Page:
There is probably no more important tool in the outdoors than the knife. Not only for skinning but for a variety of tasks that may crop up from time to time. Unfortunately, the best hunting knives are probably the most contentious and argued topic on the internet.
Finding solid information on what to look for in a hunting knife is incredibly difficult. Especially with the constant bickering about every facet of their construction. The goal of this article is to provide concise information strengths and weaknesses of the various parts of a knife. Hopefully, this will make selection somewhat easier.
I would also recommend some knives of varying styles and uses that should be able to cover any need you may have. Not every knife will work for every person but at least one of the knives should do nearly everything you could need.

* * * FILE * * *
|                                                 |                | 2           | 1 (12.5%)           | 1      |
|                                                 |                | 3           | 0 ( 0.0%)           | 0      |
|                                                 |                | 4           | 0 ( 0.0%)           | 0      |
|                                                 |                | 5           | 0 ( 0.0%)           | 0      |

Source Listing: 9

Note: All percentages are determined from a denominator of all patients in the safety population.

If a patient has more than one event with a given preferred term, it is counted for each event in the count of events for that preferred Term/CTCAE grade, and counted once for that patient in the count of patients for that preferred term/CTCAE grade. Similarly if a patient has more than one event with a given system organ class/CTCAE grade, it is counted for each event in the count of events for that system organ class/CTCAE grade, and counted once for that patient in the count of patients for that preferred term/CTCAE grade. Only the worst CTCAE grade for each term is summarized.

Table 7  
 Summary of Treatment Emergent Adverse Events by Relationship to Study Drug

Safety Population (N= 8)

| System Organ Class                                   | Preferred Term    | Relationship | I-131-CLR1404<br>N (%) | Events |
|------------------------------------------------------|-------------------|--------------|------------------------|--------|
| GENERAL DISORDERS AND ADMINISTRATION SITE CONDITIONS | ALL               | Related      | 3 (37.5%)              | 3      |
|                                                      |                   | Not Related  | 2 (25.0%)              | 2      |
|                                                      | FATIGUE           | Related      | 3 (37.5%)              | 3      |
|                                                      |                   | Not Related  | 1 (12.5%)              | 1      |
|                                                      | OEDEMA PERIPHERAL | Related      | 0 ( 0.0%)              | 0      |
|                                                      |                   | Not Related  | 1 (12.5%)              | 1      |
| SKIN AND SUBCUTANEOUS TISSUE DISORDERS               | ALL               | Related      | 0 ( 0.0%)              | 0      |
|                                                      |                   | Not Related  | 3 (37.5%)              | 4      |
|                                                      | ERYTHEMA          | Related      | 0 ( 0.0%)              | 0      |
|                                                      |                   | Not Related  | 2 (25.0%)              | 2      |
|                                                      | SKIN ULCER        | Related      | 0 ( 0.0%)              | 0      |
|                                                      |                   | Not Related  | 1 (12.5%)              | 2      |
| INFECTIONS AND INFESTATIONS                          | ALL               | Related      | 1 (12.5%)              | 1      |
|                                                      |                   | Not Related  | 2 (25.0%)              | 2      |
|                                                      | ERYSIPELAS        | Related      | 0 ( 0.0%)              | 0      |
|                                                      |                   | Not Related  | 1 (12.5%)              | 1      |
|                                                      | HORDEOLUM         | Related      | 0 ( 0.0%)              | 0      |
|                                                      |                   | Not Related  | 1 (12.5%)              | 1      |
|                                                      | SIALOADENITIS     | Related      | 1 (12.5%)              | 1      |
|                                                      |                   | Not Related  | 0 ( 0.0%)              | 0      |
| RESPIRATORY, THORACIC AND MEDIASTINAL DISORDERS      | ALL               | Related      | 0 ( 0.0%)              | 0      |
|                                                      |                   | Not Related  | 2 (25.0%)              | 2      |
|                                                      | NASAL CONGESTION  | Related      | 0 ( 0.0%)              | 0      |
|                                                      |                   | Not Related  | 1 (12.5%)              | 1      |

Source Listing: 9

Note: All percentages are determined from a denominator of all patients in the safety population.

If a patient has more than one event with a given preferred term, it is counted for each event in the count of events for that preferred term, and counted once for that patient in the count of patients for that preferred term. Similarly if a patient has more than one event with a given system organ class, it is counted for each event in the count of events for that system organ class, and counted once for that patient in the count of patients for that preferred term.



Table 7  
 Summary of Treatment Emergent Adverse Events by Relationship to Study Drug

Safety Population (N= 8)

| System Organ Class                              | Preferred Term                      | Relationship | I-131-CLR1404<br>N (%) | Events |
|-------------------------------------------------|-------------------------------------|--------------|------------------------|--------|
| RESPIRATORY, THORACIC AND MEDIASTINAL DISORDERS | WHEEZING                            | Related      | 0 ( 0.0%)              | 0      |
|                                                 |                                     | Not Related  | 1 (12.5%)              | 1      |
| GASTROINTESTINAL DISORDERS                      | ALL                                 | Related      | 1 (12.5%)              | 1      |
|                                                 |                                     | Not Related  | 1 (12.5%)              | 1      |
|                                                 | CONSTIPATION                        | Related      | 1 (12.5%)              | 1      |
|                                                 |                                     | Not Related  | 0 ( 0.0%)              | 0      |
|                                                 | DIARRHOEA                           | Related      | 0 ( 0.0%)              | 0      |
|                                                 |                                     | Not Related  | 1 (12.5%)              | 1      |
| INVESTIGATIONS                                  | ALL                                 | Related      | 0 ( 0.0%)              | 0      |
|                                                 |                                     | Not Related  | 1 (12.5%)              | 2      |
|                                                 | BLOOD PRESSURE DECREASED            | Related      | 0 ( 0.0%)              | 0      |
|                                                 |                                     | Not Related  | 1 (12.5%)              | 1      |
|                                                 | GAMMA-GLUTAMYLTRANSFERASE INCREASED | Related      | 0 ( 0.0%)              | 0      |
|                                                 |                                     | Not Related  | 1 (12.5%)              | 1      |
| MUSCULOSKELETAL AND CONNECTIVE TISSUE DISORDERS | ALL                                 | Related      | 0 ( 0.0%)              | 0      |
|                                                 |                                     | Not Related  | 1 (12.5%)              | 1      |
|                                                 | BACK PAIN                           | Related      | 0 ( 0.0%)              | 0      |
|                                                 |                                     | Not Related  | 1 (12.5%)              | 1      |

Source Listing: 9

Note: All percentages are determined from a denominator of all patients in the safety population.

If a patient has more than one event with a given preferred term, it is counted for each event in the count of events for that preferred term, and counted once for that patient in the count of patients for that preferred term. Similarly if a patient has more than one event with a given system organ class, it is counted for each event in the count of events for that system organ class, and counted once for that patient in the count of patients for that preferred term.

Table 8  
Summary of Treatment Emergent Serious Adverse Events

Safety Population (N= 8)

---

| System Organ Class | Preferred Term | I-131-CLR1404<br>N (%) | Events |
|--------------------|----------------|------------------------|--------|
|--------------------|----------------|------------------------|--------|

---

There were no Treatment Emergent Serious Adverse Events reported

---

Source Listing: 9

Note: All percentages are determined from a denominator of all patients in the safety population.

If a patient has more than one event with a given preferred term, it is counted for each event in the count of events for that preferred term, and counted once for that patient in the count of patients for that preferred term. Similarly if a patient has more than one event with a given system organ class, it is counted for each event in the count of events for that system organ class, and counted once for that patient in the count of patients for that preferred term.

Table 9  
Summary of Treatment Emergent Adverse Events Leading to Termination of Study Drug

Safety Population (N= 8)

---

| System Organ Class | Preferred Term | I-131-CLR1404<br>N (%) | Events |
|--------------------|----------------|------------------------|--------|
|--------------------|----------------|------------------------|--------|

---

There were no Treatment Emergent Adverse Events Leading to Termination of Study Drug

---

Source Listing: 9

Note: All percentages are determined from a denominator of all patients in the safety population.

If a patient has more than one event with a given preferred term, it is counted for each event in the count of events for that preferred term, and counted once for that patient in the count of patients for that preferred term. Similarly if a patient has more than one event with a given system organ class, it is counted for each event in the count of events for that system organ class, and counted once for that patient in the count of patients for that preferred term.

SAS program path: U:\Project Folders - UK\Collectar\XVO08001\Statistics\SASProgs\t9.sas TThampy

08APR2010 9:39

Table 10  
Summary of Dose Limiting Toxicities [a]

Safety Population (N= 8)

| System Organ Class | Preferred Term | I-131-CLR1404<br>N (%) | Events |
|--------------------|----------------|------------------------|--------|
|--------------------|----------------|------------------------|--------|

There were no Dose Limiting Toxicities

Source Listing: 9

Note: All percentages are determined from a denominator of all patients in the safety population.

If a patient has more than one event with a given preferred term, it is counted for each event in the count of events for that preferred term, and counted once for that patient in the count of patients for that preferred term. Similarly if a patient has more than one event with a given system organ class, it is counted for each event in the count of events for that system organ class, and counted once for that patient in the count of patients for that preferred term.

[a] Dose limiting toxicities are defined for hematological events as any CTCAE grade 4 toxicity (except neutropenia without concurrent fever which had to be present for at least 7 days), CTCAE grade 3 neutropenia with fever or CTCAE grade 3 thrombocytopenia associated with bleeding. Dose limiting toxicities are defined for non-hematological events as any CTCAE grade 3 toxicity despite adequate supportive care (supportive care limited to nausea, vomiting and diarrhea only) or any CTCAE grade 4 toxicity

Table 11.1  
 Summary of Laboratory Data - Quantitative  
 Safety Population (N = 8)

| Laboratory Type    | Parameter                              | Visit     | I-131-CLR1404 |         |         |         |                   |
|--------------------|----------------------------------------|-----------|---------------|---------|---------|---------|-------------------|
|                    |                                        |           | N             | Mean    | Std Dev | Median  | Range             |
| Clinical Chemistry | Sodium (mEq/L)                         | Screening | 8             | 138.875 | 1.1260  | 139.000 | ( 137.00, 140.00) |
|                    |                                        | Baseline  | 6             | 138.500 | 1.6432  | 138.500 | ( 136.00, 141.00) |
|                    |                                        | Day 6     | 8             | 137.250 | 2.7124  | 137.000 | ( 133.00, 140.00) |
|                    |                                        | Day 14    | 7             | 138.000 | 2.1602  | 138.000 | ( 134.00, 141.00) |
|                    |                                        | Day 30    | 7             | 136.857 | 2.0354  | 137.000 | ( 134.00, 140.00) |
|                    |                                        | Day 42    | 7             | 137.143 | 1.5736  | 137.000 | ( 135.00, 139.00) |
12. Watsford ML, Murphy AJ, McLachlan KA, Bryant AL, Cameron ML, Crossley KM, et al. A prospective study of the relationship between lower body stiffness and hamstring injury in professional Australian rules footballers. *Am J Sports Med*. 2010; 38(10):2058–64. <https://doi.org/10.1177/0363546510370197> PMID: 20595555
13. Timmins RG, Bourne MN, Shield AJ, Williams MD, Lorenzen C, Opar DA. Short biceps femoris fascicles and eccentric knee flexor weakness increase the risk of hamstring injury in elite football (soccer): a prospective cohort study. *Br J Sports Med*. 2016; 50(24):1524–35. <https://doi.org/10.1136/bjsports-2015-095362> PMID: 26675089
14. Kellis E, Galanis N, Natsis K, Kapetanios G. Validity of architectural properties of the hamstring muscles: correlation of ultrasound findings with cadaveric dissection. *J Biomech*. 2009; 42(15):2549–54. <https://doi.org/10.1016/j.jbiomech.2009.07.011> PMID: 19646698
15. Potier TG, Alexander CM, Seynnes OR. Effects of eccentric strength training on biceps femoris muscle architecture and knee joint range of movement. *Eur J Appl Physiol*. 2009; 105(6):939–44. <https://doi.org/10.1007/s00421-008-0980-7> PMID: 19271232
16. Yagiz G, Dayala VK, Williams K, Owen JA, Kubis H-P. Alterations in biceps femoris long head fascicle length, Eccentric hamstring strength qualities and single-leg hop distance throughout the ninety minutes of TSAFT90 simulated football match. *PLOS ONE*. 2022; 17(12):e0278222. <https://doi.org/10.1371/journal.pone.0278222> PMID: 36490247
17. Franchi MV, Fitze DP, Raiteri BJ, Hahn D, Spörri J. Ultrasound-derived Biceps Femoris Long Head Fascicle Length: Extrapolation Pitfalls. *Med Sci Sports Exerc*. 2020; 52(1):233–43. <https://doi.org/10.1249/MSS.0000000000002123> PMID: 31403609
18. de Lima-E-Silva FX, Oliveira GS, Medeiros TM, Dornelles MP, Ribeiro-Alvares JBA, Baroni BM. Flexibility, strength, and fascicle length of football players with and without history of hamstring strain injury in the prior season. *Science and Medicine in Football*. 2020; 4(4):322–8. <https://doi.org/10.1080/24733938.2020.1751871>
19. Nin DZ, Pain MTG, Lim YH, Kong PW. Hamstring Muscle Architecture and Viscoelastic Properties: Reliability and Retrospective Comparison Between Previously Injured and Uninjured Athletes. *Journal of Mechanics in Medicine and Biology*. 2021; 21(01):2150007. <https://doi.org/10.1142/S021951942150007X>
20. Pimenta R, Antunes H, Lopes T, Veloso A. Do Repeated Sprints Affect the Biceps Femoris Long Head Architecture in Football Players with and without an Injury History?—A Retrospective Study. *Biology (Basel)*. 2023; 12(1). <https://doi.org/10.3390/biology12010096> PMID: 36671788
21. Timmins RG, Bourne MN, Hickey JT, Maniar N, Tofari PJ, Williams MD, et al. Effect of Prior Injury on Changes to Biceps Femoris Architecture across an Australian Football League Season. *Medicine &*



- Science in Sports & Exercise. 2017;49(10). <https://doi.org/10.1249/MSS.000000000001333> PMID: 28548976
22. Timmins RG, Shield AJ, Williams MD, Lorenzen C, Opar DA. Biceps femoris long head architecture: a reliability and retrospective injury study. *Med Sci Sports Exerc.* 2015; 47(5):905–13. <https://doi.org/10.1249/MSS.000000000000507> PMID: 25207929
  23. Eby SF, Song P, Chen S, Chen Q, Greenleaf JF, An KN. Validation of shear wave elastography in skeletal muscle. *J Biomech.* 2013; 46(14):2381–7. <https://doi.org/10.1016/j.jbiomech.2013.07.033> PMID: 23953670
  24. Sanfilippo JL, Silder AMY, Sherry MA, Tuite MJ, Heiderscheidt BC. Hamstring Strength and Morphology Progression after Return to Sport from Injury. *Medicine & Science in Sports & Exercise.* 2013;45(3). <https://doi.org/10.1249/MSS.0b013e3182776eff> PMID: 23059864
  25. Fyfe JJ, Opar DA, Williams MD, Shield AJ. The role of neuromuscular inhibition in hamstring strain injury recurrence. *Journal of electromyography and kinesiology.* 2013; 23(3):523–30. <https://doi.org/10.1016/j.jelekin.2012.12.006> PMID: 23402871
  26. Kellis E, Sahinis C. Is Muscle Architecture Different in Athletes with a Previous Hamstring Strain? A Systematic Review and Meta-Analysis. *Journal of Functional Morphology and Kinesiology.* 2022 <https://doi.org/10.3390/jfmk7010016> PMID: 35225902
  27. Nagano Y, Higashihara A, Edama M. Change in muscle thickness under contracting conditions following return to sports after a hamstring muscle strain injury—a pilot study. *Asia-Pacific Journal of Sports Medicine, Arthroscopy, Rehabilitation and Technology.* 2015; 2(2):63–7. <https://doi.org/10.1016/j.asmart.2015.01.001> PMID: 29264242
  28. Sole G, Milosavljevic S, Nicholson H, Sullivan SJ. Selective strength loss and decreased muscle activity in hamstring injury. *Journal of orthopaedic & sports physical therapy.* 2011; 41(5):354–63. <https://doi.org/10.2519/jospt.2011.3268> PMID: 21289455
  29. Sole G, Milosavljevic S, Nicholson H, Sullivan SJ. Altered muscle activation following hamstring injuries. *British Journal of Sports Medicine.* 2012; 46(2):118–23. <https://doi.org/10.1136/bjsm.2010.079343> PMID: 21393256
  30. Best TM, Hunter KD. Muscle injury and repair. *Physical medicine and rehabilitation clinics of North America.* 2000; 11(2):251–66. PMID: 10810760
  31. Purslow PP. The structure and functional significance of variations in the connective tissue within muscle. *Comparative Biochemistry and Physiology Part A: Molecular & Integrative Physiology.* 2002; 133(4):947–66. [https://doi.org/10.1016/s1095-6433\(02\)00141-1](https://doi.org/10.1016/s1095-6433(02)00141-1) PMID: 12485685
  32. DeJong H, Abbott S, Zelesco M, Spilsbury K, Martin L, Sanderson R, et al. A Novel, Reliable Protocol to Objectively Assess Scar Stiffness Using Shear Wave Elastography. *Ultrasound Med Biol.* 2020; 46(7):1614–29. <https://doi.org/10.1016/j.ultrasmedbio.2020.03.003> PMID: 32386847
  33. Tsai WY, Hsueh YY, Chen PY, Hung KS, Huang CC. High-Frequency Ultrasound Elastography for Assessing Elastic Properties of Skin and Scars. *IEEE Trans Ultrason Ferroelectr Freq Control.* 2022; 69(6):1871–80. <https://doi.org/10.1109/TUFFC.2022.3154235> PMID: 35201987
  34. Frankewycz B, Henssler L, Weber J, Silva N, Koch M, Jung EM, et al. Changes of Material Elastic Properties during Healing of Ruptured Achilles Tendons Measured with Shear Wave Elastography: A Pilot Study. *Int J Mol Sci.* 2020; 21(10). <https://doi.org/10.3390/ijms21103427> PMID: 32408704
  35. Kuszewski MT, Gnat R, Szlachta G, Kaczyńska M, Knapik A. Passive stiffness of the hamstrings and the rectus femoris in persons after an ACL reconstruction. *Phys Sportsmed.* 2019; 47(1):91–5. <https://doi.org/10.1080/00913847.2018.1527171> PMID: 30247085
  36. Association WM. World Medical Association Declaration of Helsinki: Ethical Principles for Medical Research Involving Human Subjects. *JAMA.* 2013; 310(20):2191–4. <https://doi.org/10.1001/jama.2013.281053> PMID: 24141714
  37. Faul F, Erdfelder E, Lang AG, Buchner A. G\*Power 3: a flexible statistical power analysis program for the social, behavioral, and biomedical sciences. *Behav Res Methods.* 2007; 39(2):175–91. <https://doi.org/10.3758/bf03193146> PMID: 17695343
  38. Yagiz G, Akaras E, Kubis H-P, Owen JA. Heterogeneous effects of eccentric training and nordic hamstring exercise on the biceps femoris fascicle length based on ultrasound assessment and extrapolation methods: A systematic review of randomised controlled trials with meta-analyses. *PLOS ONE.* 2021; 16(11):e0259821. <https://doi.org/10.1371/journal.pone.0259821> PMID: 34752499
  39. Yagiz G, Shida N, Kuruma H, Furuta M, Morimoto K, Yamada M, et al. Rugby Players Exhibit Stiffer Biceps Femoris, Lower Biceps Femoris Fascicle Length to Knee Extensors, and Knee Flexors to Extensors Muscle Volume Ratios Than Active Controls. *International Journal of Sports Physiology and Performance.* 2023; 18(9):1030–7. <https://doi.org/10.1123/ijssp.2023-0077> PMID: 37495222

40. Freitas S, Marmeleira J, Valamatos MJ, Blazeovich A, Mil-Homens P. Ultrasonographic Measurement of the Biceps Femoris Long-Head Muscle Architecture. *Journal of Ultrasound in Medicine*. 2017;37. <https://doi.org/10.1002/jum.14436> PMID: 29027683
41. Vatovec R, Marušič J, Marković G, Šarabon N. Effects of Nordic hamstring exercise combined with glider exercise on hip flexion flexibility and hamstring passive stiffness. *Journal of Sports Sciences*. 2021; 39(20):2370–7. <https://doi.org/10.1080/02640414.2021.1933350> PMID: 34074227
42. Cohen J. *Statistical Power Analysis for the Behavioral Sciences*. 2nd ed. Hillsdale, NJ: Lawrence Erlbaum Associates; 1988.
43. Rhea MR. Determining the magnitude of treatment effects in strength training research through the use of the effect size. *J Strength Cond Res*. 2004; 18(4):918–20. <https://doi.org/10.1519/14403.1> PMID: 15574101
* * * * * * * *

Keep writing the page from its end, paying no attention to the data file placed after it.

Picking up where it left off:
While we endeavor to provide you with the best knives possible, we do have to restrict this to production knives. There are many amazing custom knife makers but most of their knives are out of the price range of many people. Even getting your hands on one can be tough!
Top 5 Best Hunting Knives (Summary)
For more detailed and complete product reviews on benefits and features, keep reading.
Choosing a Knife for Big-Game Hunting
From the first stone knives to today’s super-steels, knives have been the go-to tool for everyday tasks around the world. It’s amazing that such a simple item could be so complex. There are so many factors to consider that can be combined in such variety. This makes each knife unique.
Each feature will have some effect on how well the knife performs different tasks.